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  • Gabriella Bakus

Why You Need to Improve Your Financial Literacy Part 2: Managing Credit

Needless to say, learning to save and manage your money effectively is a vital skill to have in your toolbox for future endeavors (previously covered in Part 1 of this article [Click here to read.]). Equally important is building and managing credit -- the third step in drastically improving your financial literacy.

Step 3: Managing & Building Credit

Credit, in simple terms, is a way for banks to measure your ability to pay back debts and is measured by your credit score. Think of your credit score as your Credit GPA. The higher your credit score, the more likely a bank will be willing to loan you money. Your credit score can also be helpful when applying for jobs.

The most significant components of your credit score include your payment history, amounts owed, and credit history. Your payment history tracks how you have paid your accounts in the past. Your amount owed is the amount of money you have left to pay back. Your credit history is a culmination of your payment history, account balance, any credit accounts, and total debt.

Some tips for improving your credit score include punctual bill payments and payments over the minimum requirement. Paying more than the minimum and paying in a timely manner demonstrates responsibility and financial stability, which improves your credit score. You can also save money by paying more than just the minimum requirement. For instance, if you buy a computer for $3,000, and you are charged 13% interest to pay it off, the benefits of paying more than the minimum requirement are demonstrated in the table below:

Net Cost of a $3,000 Computer with 13% Interest

​Monthly Payment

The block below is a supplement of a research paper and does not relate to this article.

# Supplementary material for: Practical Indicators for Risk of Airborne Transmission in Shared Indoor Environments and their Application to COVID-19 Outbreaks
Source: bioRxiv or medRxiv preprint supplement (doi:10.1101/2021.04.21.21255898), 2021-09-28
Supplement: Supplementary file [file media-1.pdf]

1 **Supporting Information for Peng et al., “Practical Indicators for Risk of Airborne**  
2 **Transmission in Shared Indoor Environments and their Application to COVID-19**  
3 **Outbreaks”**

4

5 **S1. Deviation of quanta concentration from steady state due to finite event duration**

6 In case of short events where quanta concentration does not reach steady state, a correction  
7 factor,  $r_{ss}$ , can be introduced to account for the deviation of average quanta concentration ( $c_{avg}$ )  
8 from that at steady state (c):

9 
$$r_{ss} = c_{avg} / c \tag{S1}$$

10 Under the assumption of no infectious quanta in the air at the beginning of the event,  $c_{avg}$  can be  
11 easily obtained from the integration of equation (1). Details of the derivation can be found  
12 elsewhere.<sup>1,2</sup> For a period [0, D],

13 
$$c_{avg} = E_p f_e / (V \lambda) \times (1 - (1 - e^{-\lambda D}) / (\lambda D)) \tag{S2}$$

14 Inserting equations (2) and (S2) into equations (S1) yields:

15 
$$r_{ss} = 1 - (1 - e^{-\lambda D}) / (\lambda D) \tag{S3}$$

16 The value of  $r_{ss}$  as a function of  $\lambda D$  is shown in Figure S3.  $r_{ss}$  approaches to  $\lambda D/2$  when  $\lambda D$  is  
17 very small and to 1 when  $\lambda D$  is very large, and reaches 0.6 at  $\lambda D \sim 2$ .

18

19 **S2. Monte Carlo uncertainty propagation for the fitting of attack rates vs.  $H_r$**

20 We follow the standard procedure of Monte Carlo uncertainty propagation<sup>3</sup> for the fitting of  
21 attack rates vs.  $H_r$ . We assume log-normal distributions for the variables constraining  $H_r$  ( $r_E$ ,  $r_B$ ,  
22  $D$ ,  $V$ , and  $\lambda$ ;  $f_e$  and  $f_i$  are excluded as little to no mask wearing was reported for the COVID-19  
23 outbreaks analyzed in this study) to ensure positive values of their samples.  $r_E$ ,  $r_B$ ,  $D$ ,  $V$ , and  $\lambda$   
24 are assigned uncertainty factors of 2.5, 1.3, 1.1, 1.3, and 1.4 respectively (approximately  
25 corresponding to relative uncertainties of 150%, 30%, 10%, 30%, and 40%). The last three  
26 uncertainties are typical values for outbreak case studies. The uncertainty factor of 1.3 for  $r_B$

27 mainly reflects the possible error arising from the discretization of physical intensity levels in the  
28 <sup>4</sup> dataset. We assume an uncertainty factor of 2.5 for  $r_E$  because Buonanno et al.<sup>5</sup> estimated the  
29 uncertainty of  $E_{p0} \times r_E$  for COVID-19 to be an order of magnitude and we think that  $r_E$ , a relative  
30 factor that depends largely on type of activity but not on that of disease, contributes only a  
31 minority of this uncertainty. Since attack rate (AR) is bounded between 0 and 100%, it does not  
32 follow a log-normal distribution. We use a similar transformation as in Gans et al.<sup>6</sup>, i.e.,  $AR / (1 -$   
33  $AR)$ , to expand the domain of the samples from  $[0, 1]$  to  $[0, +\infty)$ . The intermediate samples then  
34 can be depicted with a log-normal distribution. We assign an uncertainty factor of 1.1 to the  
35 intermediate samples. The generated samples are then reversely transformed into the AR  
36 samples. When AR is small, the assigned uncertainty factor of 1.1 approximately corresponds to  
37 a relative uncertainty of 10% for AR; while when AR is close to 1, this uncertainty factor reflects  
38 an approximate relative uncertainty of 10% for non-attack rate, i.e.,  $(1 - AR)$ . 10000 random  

Net Interest

Net Cost







*the minimum monthly due if $65

Another vital tip when improving your credit score is to never, EVER use all of your credit. It is best to only use about 30% of your credit at a time. For example, if you have a credit limit of $1,000, you should not use more than $300 to demonstrate your budgeting skills you learned from Part 1.

While you must be 18 years old to open a credit account, you can still build credit as a teenager to help you when applying for credit cards. But how?

One way to pre-establish credit is to have your parents add you to their credit account (if they have a good credit score) as an authorized user. Even if you do not use their card, their score will still be assigned to you.

Opening a checking account is also very useful. Bankers will be able to track your account history to verify that you are capable of managing money. (Don’t let your balance dip below $0!) Experience with having a bank account and the bank in general is also crucial when applying for your first credit card.

Now, we have covered just about every way you can improve your chances of qualifying for a credit card when you turn 18, but how should you apply for one? It is best to start at the bank where you opened your checking account since you have a history with them. It is also wise to open just one credit card and wait at least two years before opening a second; you will be a more experienced credit-manager. An additional tip is never open store credit cards due to their generally high interest rates. Finally, be wary of the thousands of credit card ads you will receive when you are off at college. Do not feel overwhelmed. Properly research which bank you would like to open a credit account that best suits your needs.

More information regarding credit can be found at Bank of America’s BetterMoneyHabits.



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